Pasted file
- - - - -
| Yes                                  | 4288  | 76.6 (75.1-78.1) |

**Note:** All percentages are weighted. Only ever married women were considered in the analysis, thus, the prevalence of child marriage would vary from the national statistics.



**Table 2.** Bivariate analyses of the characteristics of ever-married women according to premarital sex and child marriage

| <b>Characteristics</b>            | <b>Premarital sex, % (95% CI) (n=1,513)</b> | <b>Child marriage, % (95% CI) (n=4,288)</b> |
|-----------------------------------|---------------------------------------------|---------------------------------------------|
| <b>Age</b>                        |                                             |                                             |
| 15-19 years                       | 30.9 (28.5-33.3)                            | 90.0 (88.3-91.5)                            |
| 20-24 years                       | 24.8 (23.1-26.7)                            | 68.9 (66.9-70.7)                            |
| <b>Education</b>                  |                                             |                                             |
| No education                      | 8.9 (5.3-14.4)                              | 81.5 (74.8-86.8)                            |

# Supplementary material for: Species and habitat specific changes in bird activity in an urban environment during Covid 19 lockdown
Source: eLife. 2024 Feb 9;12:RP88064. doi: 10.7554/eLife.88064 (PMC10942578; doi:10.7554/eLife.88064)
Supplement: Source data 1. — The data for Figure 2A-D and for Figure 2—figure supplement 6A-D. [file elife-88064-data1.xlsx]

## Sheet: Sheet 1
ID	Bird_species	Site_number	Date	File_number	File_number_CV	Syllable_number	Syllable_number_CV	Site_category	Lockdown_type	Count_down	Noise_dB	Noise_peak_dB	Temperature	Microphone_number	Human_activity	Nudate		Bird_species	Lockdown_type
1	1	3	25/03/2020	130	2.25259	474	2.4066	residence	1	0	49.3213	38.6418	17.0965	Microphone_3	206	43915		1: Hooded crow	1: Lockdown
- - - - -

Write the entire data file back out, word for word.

| Yes                                  | 4288  | 76.6 (75.1-78.1) |

**Note:** All percentages are weighted. Only ever married women were considered in the analysis, thus, the prevalence of child marriage would vary from the national statistics.



**Table 2.** Bivariate analyses of the characteristics of ever-married women according to premarital sex and child marriage

| <b>Characteristics</b>            | <b>Premarital sex, % (95% CI) (n=1,513)</b> | <b>Child marriage, % (95% CI) (n=4,288)</b> |
|-----------------------------------|---------------------------------------------|---------------------------------------------|
| <b>Age</b>                        |                                             |                                             |
| 15-19 years                       | 30.9 (28.5-33.3)                            | 90.0 (88.3-91.5)                            |
| 20-24 years                       | 24.8 (23.1-26.7)                            | 68.9 (66.9-70.7)                            |
| <b>Education</b>                  |                                             |                                             |
| No education                      | 8.9 (5.3-14.4)                              | 81.5 (74.8-86.8)                            |

# Supplementary material for: Species and habitat specific changes in bird activity in an urban environment during Covid 19 lockdown
Source: eLife. 2024 Feb 9;12:RP88064. doi: 10.7554/eLife.88064 (PMC10942578; doi:10.7554/eLife.88064)
Supplement: Source data 1. — The data for Figure 2A-D and for Figure 2—figure supplement 6A-D. [file elife-88064-data1.xlsx]

## Sheet: Sheet 1
ID	Bird_species	Site_number	Date	File_number	File_number_CV	Syllable_number	Syllable_number_CV	Site_category	Lockdown_type	Count_down	Noise_dB	Noise_peak_dB	Temperature	Microphone_number	Human_activity	Nudate		Bird_species	Lockdown_type
1	1	3	25/03/2020	130	2.25259	474	2.4066	residence	1	0	49.3213	38.6418	17.0965	Microphone_3	206	43915		1: Hooded crow	1: Lockdown